ECB leaves rates amid recession-end hopes
FRANKFURT - The Associated Press
European Central Bank Chief Mario Draghi speaks at a news conference in this file photo. The bank didn’t touch interest rates due to over exiting recession in the near future, prompted by the bright figures announced. AFP photoThe European Central Bank left interest rates at a record low 0.5 percent yesterday following signs of a tentative recovery in the eurozone economy.
Stronger economic reports in the past few days support the ECB’s expectations of a pick-up later this year, though the policy options are complicated by market responses to the U.S. Federal Reserve’s plans to slow its economic stimulus programme.
The ECB reacted last month to market turmoil sparked by the Fed’s exit plan by breaking with precedent and offering forward guidance on rates, saying it may yet cut further.
Individual policymakers’ interpretations of that guidance over the last month have blurred the message, however, with Bundesbank chief Jens Weidmann insisting the ECB had not “tied itself to the mast”. The result is that the initiative has proven only partially successful in calming markets and offsetting fallout from the Fed’s stance.
On July 31, the Fed said it would keep buying $85 billion in mortgage and Treasury securities per month in an effort to strengthen the economy, and gave a more dovish tilt to its post-meeting statement.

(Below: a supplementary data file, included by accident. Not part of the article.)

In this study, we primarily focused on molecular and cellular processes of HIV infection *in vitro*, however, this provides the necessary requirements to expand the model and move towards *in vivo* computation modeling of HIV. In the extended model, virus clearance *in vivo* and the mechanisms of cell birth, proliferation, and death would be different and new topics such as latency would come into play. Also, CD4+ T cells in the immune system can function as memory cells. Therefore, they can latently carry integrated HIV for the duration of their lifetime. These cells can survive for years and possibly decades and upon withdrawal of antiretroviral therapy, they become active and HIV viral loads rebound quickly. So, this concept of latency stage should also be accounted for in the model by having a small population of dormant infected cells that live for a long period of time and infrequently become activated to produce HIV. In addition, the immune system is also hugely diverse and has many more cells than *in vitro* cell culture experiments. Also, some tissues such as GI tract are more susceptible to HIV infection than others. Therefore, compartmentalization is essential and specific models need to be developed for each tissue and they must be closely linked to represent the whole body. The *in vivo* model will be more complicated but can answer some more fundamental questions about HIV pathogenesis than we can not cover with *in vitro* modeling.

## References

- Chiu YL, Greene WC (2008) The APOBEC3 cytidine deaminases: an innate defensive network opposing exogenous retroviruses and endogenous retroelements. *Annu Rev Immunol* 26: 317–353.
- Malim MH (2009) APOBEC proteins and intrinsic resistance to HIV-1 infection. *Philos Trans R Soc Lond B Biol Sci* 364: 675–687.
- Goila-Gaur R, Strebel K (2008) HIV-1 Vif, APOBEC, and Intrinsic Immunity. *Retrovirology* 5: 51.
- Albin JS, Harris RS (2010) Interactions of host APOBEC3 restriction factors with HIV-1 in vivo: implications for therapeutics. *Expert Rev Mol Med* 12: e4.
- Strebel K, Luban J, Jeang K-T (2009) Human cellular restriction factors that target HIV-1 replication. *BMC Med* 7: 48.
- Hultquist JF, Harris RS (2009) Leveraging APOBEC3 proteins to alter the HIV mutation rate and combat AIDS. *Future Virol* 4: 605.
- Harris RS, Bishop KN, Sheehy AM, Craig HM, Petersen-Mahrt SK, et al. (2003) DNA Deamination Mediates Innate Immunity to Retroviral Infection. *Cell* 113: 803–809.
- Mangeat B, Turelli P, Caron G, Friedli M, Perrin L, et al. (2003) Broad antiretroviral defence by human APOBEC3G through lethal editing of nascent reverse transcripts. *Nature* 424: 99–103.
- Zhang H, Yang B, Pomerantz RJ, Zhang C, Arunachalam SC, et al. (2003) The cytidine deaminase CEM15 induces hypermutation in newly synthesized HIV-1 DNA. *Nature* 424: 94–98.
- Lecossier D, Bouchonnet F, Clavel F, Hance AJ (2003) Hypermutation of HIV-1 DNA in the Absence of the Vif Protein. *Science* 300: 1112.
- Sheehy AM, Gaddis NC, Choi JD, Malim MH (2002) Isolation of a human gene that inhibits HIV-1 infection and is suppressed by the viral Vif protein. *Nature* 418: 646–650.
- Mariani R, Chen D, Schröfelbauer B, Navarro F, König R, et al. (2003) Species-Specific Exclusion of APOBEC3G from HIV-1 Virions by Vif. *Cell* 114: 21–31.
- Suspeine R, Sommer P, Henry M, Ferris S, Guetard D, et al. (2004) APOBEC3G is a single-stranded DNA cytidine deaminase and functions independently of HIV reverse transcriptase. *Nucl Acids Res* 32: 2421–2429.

“That was in line with expectations,” Rabobank economist Elwin de Groot said of the decision to leave rates unchanged, almost universally expected in a Reuters poll.
“At this stage, we’ve seen several indicators improving a little bit. Today, the update on the PMI surveys confirmed that point,” he said of closely watched business surveys, which showed that last month euro zone manufacturing grew for the first time in two years. Unemployment in the 17-country bloc sharing the euro fell for the first time in more than two years in June. But lending to firms is still declining in the euro zone and is especially weak across the bloc’s troubled debtor countries, which could keep calls for lower policy rates alive.
“There was no immediate pressure for the ECB to do more,” de Groot said, but added: “There is a lot of uncertainty and if the economic recovery does not become more visible in the second half, they will be forced to do more.”
Guidance on guidance
In a letter to a European parliamentarian, dated July 31 and published yesterday, Draghi said the central bank’s policy was “highly accommodative”.
“We expect that our monetary policy will support the recovery, which we expect to begin in the second half of the year,” he said.
In addition to the growth outlook, a focus at Thursday’s news conference will be on discussion about publishing the minutes of Council meetings, and the forward guidance message.
Draghi said on JUly 30 he wanted to begin publishing the minutes of ECB meetings, which until now have been kept secret, and Jens Weidmann also favours the move.
However, such a move to increase transparency is sure to meet resistance from some ECB policymakers, who fear the move could open them up to political pressure from national governments, and a change would take time to agree.
Explaining the ECB’s expectation that it would keep rates at record lows for an “extended period”, Draghi gave little away last month when pressed on the timeframe, saying it was “not six months, it’s not 12 months. It’s an extended period of time.”